The origins of some of the world’s most iconic companies are often shrouded in myth and legend, with stories of innovation, perseverance, and luck. But what did these companies really look like in their early days?
Thanks to the power of photography, we can now glimpse into the past and explore the early days of some of the most recognizable brands in the world.
From the classic Coca-Cola to the American retail giant Sears, from the motorcycle icon Harley-Davidson, from the fast-food chains McDonald’s, Burger King, and Subway, to the tech giants Microsoft, and Amazon – this article will take you on a visual journey back in time to the early days of these companies.
Whether you’re a business enthusiast or a history buff, these vintage photos are sure to captivate and inspire. Join us as we take a trip down memory lane and explore the early days of some of the most well-known and beloved brands in the world.
J.C. Penney (1902)
The original JCPenney store location in Kemmerer, Wyoming, was still named the Golden Rule Store before the 1913 name change.
It also shows the Opera House Saloon and a muddy street out front, with men apparently shoveling. Telegraph poles stand to the left, and horses with a cart stand to the left foreground.
Founded in 1902 by James Cash Penney, the company began as a small dry goods store in Kemmerer, Wyoming. Penney had a vision of creating a store that offered high-quality merchandise at affordable prices, with a focus on customer service.
This vision proved successful, and JCPenney quickly expanded, opening additional stores in Wyoming and neighboring states.
During the Great Depression, JCPenney’s commitment to providing affordable goods helped the company thrive while other businesses struggled.
The company’s reputation for offering dependable merchandise at reasonable prices earned it the nickname “The Golden Rule Store,” reflecting Penney’s philosophy of treating others as he would like to be treated.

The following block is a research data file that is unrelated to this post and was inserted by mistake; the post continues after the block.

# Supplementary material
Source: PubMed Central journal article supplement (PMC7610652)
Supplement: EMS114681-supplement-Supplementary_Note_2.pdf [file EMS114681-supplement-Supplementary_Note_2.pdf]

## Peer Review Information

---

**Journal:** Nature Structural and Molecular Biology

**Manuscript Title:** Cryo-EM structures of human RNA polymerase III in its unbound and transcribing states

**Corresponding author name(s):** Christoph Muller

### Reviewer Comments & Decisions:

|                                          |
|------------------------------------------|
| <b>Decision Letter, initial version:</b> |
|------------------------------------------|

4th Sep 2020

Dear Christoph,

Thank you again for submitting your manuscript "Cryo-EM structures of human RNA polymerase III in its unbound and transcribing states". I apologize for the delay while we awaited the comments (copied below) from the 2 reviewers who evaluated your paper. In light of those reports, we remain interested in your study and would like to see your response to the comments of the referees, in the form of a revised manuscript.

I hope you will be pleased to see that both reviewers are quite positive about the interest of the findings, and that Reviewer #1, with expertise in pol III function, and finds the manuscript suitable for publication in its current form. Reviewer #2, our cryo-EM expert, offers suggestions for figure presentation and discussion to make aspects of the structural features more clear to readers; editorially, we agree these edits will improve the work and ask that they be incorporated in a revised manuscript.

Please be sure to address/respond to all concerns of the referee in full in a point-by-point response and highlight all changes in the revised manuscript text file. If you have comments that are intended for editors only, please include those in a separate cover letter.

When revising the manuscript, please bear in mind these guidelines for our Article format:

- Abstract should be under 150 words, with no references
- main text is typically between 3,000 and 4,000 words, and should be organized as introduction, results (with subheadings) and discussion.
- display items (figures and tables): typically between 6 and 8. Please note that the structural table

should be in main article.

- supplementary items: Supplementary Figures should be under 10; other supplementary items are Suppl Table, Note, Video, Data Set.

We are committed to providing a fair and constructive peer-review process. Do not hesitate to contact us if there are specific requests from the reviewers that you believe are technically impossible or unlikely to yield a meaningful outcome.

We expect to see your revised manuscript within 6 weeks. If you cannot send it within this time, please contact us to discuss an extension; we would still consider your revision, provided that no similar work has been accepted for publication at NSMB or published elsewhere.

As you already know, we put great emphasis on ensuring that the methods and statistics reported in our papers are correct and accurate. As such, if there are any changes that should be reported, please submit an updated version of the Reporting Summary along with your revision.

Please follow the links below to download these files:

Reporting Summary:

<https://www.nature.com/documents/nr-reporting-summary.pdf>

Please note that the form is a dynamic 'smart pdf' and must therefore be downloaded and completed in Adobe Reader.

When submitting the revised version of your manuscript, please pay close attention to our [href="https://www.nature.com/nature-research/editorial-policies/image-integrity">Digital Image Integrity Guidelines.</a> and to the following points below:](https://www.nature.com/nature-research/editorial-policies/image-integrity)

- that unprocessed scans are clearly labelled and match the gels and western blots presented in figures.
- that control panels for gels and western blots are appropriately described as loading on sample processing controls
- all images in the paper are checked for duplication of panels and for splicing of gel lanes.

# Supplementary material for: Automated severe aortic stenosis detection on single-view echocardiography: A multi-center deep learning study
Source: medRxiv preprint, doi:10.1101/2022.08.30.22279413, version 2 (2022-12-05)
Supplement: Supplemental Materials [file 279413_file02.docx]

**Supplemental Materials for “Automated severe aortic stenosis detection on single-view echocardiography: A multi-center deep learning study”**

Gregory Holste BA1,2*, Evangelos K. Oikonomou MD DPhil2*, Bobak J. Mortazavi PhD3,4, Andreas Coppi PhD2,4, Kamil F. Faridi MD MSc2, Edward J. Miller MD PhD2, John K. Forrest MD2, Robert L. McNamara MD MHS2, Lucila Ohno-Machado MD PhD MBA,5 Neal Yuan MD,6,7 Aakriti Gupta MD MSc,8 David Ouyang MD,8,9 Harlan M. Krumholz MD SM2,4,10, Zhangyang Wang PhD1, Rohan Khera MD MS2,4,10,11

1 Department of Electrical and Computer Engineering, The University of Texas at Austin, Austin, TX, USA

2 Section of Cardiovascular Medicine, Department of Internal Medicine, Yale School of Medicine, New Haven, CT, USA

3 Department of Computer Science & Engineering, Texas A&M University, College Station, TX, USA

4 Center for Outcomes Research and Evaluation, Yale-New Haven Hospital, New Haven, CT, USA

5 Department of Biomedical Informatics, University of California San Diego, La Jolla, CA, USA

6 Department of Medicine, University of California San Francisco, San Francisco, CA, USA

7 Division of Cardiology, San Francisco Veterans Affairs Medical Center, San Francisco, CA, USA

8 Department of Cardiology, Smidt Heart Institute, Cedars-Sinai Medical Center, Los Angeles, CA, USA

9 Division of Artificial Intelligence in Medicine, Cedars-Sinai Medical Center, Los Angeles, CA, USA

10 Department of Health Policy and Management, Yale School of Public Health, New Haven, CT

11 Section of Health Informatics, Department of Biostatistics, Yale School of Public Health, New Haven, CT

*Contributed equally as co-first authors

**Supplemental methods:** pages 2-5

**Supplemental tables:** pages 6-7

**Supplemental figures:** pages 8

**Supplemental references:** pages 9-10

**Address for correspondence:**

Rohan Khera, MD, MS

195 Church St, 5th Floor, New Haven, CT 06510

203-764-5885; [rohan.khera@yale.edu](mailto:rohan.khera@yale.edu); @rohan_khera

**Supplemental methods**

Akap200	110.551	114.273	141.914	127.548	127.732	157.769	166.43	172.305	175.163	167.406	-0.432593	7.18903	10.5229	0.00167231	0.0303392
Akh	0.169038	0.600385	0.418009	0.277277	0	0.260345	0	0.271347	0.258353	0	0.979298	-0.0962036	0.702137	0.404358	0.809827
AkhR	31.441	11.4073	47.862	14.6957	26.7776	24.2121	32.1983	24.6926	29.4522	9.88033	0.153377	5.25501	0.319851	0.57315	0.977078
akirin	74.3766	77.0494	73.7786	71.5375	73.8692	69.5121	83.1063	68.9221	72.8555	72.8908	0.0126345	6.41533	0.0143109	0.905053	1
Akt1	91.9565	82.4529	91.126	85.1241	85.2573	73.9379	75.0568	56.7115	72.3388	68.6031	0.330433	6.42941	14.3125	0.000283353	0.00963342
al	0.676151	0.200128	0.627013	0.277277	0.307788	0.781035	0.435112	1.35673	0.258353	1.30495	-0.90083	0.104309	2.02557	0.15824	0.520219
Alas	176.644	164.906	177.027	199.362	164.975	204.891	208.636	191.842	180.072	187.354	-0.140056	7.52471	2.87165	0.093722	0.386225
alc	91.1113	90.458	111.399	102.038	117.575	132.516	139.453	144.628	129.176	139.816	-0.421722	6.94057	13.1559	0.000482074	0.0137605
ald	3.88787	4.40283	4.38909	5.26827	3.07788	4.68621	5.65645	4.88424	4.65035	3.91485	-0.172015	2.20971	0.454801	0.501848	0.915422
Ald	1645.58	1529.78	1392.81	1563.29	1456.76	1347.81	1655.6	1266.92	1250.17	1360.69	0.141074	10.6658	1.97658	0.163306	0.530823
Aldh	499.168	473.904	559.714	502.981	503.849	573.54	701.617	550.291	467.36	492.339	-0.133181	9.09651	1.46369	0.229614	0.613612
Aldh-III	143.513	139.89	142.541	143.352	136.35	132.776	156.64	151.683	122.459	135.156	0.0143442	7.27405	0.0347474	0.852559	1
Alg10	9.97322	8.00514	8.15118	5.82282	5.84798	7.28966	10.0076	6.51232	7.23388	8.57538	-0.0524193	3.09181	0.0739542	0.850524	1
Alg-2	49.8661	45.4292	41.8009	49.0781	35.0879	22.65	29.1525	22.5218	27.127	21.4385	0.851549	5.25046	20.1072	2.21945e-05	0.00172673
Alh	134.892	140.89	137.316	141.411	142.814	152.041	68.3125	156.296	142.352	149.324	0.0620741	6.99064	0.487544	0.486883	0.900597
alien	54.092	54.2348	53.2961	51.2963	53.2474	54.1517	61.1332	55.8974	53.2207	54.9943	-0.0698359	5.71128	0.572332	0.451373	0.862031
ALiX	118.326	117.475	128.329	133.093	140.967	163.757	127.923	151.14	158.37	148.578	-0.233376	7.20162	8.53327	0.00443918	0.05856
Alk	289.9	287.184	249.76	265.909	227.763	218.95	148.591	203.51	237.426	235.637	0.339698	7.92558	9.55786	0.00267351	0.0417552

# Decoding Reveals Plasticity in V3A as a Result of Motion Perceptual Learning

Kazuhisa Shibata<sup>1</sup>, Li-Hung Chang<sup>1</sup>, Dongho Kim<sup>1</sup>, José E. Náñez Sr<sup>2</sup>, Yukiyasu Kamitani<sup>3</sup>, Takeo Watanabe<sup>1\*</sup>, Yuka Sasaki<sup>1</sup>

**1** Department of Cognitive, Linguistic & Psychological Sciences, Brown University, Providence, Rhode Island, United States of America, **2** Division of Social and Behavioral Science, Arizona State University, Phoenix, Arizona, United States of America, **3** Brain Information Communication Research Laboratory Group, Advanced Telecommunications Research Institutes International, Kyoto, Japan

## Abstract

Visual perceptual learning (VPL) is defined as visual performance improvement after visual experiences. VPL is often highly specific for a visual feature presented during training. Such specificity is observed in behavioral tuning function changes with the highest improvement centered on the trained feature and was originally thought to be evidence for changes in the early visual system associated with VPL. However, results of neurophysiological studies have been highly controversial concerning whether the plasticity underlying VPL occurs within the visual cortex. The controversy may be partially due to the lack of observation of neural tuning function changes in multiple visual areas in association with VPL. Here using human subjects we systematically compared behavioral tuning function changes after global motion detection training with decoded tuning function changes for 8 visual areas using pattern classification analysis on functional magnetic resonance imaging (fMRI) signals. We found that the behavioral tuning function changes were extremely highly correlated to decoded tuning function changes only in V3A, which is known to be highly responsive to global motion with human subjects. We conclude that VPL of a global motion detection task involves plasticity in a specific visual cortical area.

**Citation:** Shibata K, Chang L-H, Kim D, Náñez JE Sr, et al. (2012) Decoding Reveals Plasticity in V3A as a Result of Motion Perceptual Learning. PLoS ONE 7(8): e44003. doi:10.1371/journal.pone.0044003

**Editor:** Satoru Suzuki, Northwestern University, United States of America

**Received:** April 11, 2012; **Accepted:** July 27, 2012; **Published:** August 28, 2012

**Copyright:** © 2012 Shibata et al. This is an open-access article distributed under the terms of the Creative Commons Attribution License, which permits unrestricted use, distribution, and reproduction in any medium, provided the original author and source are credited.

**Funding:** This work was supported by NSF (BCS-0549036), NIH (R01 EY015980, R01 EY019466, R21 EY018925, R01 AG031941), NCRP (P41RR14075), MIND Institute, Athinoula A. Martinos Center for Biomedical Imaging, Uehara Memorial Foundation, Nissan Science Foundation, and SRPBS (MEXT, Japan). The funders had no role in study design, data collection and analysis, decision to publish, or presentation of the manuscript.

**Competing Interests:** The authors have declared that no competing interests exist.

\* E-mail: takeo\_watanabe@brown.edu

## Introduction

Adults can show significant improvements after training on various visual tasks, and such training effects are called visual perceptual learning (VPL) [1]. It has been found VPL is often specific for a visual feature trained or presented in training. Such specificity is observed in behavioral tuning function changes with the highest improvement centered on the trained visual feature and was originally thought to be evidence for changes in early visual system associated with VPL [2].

Harley-Davidson’s First Factory (1903)
Harley-Davidson’s first location was a backyard shed where William S. Harley and Arthur Davidson built three motorcycles in 1903.
Arthur Davidson’s father was a cabinet maker and he constructed the shed in the Davidson backyard: it was 10 ft × 15 ft (3.0 m × 4.6 m).
In 1904 the shed size was doubled with an addition and the fledgling company produced 8 motorcycles. In 1905 the shed size was doubled again with another addition.
By the end of 1905 Harley and Davidson applied for and received a loan to build a factory. They purchased land at what is now Juneau Avenue in Milwaukee, Wisconsin, and began constructing the 1906 Harley-Davidson Motorcycle Factory Building.
Highland Park Ford Plant (1910)
The Ford assembly line system is a groundbreaking production system that revolutionized the manufacturing industry.
It was developed by Henry Ford in the 1910s, as a way to increase efficiency and reduce costs in the production of automobiles.
Before the introduction of the assembly line, automobile production was a slow and labor-intensive process, with each car being assembled by skilled workers.
Ford’s innovation was to create a system in which workers performed repetitive tasks on a moving conveyor belt, with each worker specializing in a single task.
This system allowed for a dramatic increase in production speed, as well as a reduction in labor costs. Ford’s assembly line also paved the way for other industries to adopt similar production methods, leading to a shift towards mass production and standardization in manufacturing.